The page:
He is profound. He sets out his case brilliantly with precision. But he raises questions,
'The cupcake is barely a cake. When we think about what "the cake-like" ideally should be, it is something spongy, moist, characterised by excess, collapsing under its own weight of gooey jam, meringue, and cream. It is something sickly and wet that makes your fingers sticky. The cupcake is none of these things; that is, it possesses none of the ideal essence of cakiness. The cupcake is neat, precise, and uniform'.Does that apply to a muffin ? A scone ? Maybe a tea cake is also sinister, invoking images of 'a past that never was, Miss Marple, Tea at the Vicarage and other insidious forces and cultural process and manufactured tropes geared towards subtle mechanisms of indoctrination and mind control.
'The cupcake is largely aimed at the sort of flat-stomached people who think consuming sweet things is "a bit naughty" and who won't even permit themselves to go overboard on their binges. The cupcake is vintagey and twee. It invokes a sense of wholesomeness and nostalgia, albeit for a past never experienced, a more perfect past, just as vintage-style clothing harks back to an idealised image of the 1920s through 60s that never existed. The cupcake appears as a cultural trope alongside the drinking of tea and gin and the lisped strumming of ukuleles.The constellation of cultural tropes that most paradigmatically manifest in the form of the cupcake are associated in particular with infantilisation. Of course, looking back to a perfect past that never existed is nothing if not the pained howl of a child who never wanted to be forced to grow up, and the cupcake and its associates market themselves by catering to these never-never-land adults' tastes.
These products, which treat their audience as children, and more specifically the children of the middle classes – perfect special snowflakes full of wide-eyed wonder and possibility – succeed as expressions of a desire on behalf of consumers to always and forever be children'.Indeed, that Santa Claus has fascist potentiality is certainly a contemporary issue that needs to be explored in depth. Moreover,
'...you could get a huge mass of people to participate in a reactionary endeavour if you dressed it up in nice, twee, cupcakey imagery, and persuaded everyone that the brutality of your ideology was in fact a form of niceness. If a fascist reich was to be established anywhere today, I believe it would necessarily have to exchange iron eagles for fluffy kittens, swap jackboots for Converse, and the epic drama of Wagnerian horns for mumbled ditties on ukuleles'.Yes. and swap tanks and dive bombers, conscript armies and concentration camps with barbed wire for cupcakes, shopping malls and detention centres which serve cupcakes, a sort of sinister Portmeirion-let them eat cupcake. Not real fruitcakes with their overtones of real work and substance.
'Fascism is, properly understood, a certain sort of response to a crisis. It is the reactionary response, as opposed to the radical one. The radical response is to embrace the new possibilities thrown up by the crisis; the reactionary one is to shut these possibilities down'.Now I know what fascism really means-the closure of possibility. The fact that did not seem evident to rampaging psychopaths liberated from 'bourgeois values' and things like 'ethics' in Eastern Europe is a curious. Also the fact that communism was a radical response to a crisis ( hence good ).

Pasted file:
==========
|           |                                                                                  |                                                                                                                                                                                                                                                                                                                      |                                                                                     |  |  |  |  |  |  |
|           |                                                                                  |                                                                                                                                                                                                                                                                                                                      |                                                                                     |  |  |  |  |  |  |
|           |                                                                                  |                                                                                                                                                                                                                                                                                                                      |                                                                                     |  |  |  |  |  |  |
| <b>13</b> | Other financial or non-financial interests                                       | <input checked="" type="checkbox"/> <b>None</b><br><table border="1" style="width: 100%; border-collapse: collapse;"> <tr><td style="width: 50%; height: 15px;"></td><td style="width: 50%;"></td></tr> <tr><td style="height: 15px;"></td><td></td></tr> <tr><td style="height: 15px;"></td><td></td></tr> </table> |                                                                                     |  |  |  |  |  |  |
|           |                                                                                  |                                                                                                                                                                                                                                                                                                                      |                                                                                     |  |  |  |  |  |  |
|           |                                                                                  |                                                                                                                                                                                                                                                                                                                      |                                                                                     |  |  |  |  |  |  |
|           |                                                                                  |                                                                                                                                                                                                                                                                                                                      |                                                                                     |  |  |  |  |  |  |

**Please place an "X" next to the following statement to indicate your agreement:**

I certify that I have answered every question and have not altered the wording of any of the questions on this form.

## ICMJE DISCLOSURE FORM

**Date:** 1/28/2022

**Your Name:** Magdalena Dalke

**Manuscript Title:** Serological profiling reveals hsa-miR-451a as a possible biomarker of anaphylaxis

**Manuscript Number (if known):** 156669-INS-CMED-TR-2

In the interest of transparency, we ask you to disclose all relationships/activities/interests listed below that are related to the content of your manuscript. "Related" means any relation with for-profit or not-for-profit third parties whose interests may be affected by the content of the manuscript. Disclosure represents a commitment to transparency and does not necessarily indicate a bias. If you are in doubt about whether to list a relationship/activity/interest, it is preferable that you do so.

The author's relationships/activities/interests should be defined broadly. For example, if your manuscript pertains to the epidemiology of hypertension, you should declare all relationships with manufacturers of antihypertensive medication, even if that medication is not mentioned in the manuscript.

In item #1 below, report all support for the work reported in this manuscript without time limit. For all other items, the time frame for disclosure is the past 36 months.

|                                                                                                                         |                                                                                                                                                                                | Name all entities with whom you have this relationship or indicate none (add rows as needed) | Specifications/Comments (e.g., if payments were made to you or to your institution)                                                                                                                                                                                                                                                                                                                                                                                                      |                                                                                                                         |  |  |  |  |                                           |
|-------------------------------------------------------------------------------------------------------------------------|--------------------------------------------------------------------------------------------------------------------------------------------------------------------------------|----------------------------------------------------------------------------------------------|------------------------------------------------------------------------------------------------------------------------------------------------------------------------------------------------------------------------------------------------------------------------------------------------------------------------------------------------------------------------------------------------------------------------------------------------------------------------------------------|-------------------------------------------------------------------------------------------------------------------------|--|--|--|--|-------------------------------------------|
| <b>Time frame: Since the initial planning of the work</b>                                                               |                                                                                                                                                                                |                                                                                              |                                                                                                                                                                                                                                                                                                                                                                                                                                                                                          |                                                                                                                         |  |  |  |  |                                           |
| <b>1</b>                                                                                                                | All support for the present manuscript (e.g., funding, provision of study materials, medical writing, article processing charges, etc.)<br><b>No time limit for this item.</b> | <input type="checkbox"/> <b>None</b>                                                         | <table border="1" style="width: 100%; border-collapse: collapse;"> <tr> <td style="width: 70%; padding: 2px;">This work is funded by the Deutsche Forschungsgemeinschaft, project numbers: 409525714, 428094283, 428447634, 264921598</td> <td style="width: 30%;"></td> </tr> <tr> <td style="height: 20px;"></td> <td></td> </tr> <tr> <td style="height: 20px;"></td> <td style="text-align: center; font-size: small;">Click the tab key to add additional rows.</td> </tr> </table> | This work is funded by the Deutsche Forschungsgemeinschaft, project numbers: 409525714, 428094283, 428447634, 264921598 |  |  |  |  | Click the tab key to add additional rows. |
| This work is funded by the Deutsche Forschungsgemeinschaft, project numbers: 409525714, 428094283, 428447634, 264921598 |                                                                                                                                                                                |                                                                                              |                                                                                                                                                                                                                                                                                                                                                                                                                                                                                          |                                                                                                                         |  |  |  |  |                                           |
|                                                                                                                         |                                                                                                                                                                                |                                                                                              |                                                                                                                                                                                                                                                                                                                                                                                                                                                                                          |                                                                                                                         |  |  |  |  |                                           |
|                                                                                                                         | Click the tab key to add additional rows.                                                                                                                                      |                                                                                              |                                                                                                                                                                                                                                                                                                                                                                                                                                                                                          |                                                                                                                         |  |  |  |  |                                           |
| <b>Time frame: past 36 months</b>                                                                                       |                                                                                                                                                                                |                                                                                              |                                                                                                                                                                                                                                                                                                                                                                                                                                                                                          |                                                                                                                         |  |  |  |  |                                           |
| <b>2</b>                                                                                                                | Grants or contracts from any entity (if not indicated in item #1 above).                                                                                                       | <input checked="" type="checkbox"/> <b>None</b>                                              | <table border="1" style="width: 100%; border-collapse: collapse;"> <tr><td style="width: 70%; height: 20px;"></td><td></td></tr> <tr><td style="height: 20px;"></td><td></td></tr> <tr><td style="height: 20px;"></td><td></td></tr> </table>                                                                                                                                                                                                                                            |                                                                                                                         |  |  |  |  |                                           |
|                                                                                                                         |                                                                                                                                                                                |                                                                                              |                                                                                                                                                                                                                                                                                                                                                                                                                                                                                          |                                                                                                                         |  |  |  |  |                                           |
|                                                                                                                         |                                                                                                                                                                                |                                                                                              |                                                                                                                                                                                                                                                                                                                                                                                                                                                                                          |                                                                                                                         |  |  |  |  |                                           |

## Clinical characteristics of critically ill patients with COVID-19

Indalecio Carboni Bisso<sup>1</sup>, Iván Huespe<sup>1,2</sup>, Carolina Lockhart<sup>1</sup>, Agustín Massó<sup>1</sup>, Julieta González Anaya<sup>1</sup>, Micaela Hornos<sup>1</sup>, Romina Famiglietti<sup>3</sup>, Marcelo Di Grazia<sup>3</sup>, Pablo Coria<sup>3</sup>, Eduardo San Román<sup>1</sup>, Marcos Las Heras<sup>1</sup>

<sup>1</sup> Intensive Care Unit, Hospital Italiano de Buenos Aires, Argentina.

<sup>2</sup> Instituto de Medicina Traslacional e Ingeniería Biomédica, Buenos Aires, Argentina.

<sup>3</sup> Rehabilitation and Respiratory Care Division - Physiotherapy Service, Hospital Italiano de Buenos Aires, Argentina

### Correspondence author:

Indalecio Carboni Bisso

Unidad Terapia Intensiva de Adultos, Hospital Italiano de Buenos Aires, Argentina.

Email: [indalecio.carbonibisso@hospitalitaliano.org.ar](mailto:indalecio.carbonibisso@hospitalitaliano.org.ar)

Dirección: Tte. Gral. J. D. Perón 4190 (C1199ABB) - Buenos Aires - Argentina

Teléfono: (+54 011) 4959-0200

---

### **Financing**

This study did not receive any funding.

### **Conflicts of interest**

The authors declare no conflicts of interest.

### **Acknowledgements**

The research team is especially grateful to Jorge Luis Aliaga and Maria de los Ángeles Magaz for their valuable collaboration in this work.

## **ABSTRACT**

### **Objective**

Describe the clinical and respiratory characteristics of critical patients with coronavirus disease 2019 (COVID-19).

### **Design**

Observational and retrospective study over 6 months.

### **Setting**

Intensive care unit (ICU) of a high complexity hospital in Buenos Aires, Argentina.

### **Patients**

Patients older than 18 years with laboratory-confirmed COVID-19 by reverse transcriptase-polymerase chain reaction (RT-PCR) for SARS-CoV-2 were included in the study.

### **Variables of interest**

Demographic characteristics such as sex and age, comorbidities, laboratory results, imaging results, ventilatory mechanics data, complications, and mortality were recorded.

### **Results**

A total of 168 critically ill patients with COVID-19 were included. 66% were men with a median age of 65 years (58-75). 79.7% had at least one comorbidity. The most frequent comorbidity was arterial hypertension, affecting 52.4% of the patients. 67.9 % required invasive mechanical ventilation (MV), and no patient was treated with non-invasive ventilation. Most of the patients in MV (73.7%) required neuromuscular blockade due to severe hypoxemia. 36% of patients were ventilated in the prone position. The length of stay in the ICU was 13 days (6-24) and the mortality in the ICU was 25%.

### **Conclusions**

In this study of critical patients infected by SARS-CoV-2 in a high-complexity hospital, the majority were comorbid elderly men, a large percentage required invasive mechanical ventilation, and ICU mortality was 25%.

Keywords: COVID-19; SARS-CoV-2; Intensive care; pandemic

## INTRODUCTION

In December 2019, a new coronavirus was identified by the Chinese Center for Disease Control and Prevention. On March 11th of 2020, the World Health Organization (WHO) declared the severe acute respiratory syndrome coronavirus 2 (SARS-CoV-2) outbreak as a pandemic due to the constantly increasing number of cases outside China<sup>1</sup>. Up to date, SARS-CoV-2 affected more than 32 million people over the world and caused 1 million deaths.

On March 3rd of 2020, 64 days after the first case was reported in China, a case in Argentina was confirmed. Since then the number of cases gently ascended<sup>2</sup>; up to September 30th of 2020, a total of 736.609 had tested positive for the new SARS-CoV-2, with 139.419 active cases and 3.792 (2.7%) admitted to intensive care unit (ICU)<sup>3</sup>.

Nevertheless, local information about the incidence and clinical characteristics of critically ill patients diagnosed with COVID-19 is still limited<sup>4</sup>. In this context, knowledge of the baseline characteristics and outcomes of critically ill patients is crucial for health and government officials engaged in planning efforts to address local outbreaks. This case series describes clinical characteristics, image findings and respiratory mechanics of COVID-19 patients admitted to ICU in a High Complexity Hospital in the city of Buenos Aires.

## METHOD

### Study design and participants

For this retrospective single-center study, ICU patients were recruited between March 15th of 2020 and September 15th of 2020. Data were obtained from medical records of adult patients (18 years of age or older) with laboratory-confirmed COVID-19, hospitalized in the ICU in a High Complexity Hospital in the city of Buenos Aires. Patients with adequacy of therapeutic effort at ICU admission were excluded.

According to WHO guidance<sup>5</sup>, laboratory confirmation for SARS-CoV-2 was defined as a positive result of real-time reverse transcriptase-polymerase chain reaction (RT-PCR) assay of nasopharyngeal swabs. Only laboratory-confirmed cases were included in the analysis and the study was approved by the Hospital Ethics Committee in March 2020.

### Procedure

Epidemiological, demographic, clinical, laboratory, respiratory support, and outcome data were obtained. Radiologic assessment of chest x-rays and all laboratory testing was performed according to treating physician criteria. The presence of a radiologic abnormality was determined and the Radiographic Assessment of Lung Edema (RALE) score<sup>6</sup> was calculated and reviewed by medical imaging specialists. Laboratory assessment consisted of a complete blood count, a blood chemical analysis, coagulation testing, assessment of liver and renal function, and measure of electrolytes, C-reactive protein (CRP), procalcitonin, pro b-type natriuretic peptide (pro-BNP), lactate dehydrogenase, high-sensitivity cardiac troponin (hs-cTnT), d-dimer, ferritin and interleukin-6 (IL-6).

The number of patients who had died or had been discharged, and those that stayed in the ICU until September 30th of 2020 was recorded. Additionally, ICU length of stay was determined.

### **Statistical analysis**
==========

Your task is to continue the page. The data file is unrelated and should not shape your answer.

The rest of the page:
Grab those texts in 'history books' and throw them in the bin with the cupcakes. Because they often contain reactionary tropes about how fascism was radical and revolutionary in its way and could only have originated out of the crisis after World War One.
Sinister. Reactionary. Badthink. Indeed,
'If we see the paradigmatic mechanisms of social oppression operative today in the form of a cupcake, then the clue to the overthrowing of these mechanisms exists also in cake, albeit of an entirely different kind. It is precisely in the truly cake-like, the spongy and the moist and the excessive and the unhealthy'The revolutionary way out of the crisis is fruitcake and to be as one with it and its process of becoming.
Can I get a philosophy PhD now ?
Tom Whyman is working on one right now. He has a cosy position from which to warble on about cupcakes. I could sit on my buns and right about how various forms of food are connected to politics in some largely made up way. Here's my idea.
The baked potato is a symbol of austerity and back to the soil. It stands in relation to the consumer of the King Edward potato as a symbol of warmth, of hearth and home after 'honest toil', it's metallic full tin jacket reassuring it it's quasi-militarist, quasi-imperialist connotations of 'protection'.
To be 'half baked' is to imply not being a full or 'real potato' , that is a person in the full sense just as 'fruitcake' occupies part of our discourse in relation to madness is the same but opposite manner as the cupcake is indicative of prim 'nomality'
Great stuff isn't it?
Meanwhile, larger numbers of British people are so poor they have resorted to using foodbanks.Austerity means they don't have enough to eat-even, presumably, cupcakes with their 'middle class' connotations or the 'bourgeois values' they transmit by stealth.
But, alas, I'm not as qualified as Whyman. I might even be resistant to the idea cupcakes have anything remotely to do with fascism even though I can resist cupcakes and cream buns and muffins because not that keen on any of them.
My reaction is most likely a sad symptom of the mechanisms of infantalisation I have been subjected to as a child in helping my mother make cupcakes, even though I have not eaten one for over 30 years. I was conditioned to incorrect thinking at an early stage.